Voicing high expectations, Papua Governor Lukas Enembe hoped the ICBE would boost the efforts to set up biodiversity parks and cultural parks to preserve the environment, particularly protect bird of Paradise, Papuas iconic bird.

Birds of Paradise, locally called birds of Cenderawasih, are the pride of Indonesia, particularly of Papua, whose forest is home to these birds, considered among the most beautiful in the world.

The birds of Paradise are endangered not just on account of poachers, but also because visitors seek dead and preserved ones as souvenirs.

The governor believed that preserving environment is crucial for the prosperity of Papua's indigenous people to help pull them out of backwardness and a life of poverty, ignorance and isolation.

Papuas range of biodiversity encompasses half of Indonesias mega biodiversity, particularly the endemic flora and fauna that are only found on this island.

The island, comprising West Papua and Papua Provinces, is home to some 250 tribes that retain ancient cultural traditions, and over 250 indigenous languages and dialects.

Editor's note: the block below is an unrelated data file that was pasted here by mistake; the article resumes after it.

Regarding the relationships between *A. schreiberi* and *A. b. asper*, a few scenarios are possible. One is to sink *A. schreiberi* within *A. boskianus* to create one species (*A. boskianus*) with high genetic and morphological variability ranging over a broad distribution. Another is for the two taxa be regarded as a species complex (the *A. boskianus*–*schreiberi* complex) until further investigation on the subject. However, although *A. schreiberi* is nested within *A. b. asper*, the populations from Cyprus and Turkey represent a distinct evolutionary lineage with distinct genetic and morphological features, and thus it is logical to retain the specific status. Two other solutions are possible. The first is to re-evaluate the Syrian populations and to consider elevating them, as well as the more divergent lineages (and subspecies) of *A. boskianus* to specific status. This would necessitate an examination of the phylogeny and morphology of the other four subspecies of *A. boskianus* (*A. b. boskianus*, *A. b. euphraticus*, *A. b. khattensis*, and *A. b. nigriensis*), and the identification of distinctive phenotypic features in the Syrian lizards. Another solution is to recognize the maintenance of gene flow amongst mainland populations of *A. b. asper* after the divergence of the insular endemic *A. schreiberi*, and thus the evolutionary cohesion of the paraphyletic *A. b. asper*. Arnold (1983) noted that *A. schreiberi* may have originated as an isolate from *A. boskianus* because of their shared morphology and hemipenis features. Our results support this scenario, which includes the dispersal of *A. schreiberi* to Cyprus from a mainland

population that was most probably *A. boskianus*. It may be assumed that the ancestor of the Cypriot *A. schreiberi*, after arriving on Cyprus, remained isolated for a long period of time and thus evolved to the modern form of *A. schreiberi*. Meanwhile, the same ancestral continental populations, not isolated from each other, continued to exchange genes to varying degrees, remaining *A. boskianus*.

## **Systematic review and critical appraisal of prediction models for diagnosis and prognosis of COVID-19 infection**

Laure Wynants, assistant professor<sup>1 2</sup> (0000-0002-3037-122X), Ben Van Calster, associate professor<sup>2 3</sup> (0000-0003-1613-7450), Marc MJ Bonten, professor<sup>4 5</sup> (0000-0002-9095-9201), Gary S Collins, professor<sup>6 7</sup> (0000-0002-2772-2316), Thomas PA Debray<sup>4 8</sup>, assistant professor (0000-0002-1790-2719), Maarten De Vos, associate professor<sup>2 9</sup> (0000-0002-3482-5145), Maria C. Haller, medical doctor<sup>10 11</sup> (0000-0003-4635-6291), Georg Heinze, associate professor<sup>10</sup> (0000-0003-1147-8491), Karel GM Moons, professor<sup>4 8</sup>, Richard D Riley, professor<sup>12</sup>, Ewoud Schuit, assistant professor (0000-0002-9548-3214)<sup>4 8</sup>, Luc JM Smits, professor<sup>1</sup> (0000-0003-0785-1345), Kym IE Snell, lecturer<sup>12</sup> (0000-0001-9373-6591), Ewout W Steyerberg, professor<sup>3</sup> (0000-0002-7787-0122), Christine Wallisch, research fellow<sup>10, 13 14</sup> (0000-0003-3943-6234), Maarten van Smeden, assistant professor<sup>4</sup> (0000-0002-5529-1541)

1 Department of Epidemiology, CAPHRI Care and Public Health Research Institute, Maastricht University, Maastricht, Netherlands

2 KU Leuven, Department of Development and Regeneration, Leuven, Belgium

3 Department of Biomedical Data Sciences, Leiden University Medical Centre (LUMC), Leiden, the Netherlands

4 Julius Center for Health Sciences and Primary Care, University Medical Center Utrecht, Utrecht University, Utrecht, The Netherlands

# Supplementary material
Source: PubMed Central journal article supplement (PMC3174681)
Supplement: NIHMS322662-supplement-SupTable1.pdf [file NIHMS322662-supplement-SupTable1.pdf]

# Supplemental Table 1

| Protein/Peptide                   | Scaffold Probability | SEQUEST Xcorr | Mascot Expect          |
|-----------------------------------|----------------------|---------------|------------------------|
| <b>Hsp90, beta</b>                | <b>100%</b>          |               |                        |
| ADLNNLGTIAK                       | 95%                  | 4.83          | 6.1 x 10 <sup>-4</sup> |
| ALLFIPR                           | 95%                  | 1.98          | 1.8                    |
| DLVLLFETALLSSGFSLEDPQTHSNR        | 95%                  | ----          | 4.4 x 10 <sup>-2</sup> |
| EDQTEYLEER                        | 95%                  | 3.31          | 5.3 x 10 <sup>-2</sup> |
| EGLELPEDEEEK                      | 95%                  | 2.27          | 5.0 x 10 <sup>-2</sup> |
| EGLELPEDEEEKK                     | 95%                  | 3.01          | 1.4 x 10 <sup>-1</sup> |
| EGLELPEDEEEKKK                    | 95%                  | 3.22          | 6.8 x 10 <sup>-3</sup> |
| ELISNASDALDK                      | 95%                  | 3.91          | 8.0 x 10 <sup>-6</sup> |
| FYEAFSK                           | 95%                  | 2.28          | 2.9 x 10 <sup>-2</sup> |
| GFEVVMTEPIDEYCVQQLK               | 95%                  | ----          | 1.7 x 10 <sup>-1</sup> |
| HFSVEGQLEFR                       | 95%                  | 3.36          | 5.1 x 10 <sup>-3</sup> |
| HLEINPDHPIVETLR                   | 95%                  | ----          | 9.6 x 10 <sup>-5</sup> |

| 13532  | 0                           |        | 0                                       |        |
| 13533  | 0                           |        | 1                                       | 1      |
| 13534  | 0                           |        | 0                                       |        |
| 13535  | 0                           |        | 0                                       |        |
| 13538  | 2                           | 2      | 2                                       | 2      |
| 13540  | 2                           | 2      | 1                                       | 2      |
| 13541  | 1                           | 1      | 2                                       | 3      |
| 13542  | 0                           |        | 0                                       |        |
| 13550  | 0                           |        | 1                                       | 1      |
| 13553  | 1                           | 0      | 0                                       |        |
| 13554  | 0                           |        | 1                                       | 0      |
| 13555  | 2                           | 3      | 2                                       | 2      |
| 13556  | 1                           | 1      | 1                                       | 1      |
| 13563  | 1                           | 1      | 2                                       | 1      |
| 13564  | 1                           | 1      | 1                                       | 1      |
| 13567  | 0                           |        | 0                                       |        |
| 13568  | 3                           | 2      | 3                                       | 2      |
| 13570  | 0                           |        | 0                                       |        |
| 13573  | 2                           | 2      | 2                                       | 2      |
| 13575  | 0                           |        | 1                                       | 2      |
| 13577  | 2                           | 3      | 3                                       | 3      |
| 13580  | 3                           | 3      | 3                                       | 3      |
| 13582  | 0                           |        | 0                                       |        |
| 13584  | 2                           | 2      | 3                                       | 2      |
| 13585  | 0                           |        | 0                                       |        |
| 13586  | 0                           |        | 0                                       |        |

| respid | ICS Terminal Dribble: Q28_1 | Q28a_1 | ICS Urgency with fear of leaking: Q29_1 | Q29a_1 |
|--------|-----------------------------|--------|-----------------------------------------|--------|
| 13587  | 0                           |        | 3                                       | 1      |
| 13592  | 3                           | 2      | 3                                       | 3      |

Home to the worlds remaining virgin tropical rainforests with vast biological diversity, the island is also endowed with endemic fauna such as possums, wallabies, tree-kangaroos, and endangered Long-beaked Echidna. It also has the worlds longest lizards and largest butterflies.

Its biodiversity includes 15 thousand to 20 thousand plant species (55 percent endemic), two thousand species of orchids, 602 species of birds (52 percent endemic), and 125 species of mammals (58 percent endemic), in addition to 223 species of reptiles and amphibians (35 percent endemic), 25 species of freshwater fish and 1,200 species of marine fish, as well as an estimated 150 thousand species of insects, according to the 2013 data of Papua Ecology.